Smash is decisively not living up to its title.
It didn't start out that way. The NBC series, which revolves around the making of a Broadway musical about Marilyn Monroe, premiered in February to 11.5 million viewers, a godsend for a network whose prime-time lineup is holding on by a thread, or, more specifically, a mindless singing competition (The Voice).
NBC quickly renewed Smash for a second season, and executives almost certainly began plotting Law & Order: Broadway.
Then fans started abandoning ship. The show now draws about 6 million a week. Cast members must be dreaming about being booked for something more respectable — like the Spider-Man musical.
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It can only get worse. Creator Theresa Rebeck won't be returning next season, and a changing of the guard this early in a show's run is never good news. Just ask fans of ABC's Commander in Chief, who threw the Geena Davis series out of office after Rod Lurie was replaced by Steven Bochco.
And then there's the question of what happens when the show's fictional musical, Bombshell, premieres, an event that occurs during Monday's finale. I can just imagine a very special episode next season about the fallout after a performance is interrupted by a ringing cellphone.
So what went wrong so quickly — and how can networks avoid making this mistake again? A review of nearly all 15 episodes and a look at other fast-fading series suggest the following tips:
Don't oversell yourself. Smash had so many ads leading up to its premiere, you'd think Katharine McPhee was running for president. Sure, that helped the premiere, especially because the campaign was tied to NBC's airing of the Super Bowl the previous night. But with heavy promotion come weighty expectations, ones that few shows can uphold.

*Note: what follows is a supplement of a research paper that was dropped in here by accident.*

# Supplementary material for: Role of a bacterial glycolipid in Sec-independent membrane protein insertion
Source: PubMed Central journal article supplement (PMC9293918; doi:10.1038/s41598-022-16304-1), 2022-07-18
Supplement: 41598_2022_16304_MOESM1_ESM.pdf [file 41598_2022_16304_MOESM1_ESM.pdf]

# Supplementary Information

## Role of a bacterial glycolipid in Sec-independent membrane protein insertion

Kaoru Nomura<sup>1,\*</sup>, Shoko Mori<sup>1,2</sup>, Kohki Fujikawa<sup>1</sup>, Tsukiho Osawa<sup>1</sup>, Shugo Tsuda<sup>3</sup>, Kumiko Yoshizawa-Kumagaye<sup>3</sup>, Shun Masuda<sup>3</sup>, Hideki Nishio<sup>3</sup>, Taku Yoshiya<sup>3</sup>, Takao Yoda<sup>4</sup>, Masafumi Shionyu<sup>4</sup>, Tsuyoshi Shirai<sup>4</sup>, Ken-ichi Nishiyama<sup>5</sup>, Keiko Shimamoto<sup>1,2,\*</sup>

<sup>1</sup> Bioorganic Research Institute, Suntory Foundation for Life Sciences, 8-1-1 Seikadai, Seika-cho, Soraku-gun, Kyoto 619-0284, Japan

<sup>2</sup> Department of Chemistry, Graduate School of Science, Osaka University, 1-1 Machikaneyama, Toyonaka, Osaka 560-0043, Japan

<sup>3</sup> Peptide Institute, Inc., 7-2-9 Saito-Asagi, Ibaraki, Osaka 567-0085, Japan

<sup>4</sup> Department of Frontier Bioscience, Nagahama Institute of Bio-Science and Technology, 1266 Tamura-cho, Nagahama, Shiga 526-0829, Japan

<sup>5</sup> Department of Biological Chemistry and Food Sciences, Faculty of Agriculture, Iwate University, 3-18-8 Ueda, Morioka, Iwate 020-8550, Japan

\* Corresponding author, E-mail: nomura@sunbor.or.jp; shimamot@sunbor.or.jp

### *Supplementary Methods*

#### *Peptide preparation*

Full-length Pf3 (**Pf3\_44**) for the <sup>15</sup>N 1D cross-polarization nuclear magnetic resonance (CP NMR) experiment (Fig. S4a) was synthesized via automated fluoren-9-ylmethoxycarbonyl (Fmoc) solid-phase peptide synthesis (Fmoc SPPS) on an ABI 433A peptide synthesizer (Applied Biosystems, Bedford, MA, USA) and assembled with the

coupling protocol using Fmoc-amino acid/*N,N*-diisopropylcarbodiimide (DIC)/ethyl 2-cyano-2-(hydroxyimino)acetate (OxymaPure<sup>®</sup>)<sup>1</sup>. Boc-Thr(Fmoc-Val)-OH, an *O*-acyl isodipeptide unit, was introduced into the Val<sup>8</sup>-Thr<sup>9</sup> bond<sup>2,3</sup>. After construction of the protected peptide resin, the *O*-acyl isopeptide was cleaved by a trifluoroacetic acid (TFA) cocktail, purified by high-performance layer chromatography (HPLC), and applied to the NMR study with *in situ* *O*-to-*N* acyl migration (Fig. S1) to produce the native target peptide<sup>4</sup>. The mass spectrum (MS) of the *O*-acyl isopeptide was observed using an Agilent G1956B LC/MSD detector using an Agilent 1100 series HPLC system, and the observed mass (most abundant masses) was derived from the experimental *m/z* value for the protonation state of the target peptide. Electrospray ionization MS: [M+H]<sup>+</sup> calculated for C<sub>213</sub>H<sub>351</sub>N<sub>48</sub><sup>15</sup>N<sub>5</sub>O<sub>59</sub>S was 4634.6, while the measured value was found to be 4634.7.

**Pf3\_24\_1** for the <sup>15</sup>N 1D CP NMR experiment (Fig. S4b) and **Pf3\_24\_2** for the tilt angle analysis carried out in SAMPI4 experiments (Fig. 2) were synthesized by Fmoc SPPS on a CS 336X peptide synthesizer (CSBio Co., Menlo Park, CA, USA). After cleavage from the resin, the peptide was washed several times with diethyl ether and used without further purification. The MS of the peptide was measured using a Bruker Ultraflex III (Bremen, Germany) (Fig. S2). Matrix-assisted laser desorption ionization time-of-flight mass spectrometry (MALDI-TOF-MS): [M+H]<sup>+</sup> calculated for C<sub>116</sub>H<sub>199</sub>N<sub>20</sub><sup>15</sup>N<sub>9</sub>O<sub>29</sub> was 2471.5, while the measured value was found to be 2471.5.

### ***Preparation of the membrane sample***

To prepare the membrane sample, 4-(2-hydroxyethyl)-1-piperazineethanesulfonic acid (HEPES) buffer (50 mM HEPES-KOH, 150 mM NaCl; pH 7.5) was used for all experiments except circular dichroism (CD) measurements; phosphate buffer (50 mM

Fox made such a big deal about having Steven Spielberg as a producer on Terra Nova that audiences expected Jurassic Park IV. Instead, they got a gritty update of The Swiss Family Robinson. Needless to say, Terra Nova is now extinct. (Spielberg, who is also attached to Smash, might want to think about developing TV projects under a pseudonym.)
Audiences don't need Oscar-winning advisers and relentless publicity. Just ask the folks from Seinfeld, CSI and Cheers, shows that actually benefited from soft launches. Viewers don't want to be told what to love.
Face the music. I'm a big fan of the original songs Marc Shaiman and Scott Wittman have written for the show. The ballad Secondhand White Baby Grand should be recorded by a pop diva, like, yesterday. But viewers, especially younger ones, seem to prefer familiar tunes, judging by the success of Glee both on screen and on the pop charts.
Don't make us haters. The biggest debate among Smash's dwindling fans isn't about which character is their favorite, it's about which is most annoying. The leader of the pack appears to be Ellis "I just heard something" Boyd (Jaime Cepero), a two-faced assistant who's such a weasel he makes Eddie Haskell look like Captain America.
My personal vote goes to the musical's producer, Eileen Boyd, if only because she's played by Anjelica Huston. That's actually kind of a compliment. An Oscar winner and the daughter of a film legend shouldn't be downing shots in dive bars, playing "Big Buck Hunter" and shacking up with a scruffy bartender.
Movie stars don't make compelling characters on the small screen. HBO's Luck was officially canceled because several horses died, but it didn't help that it was one of the channel's least-watched shows. Dustin Hoffman and Nick Nolte are fantastic actors, but we were hesitant to invite them every week into our living rooms, especially if the good china wasn't out.
Don't try so hard. The theater world is fraught with massive egos and backstage betrayals, but Smash takes it way too far. A kid running away from home because — gasp! — his parents might be separating? Check. Switching actresses to play Marilyn as often as most people change their toilet paper? Check. Watching your lead actor abandon the show two days before the curtain rises? Check.
And let's not forget the unintentionally hilarious Bollywood scene. It might be the most maligned fantasy sequence since Ally McBeal boogied with a baby.
You can admire a series with so much ambition, but that doesn't mean you have to love it. Nonetheless, Smash probably will have a second chance next season — a rare luxury these days, and only because it's on a fourth-place network. Let's hope its producers use that opportunity to build a better Bombshell, and not a bigger bomb.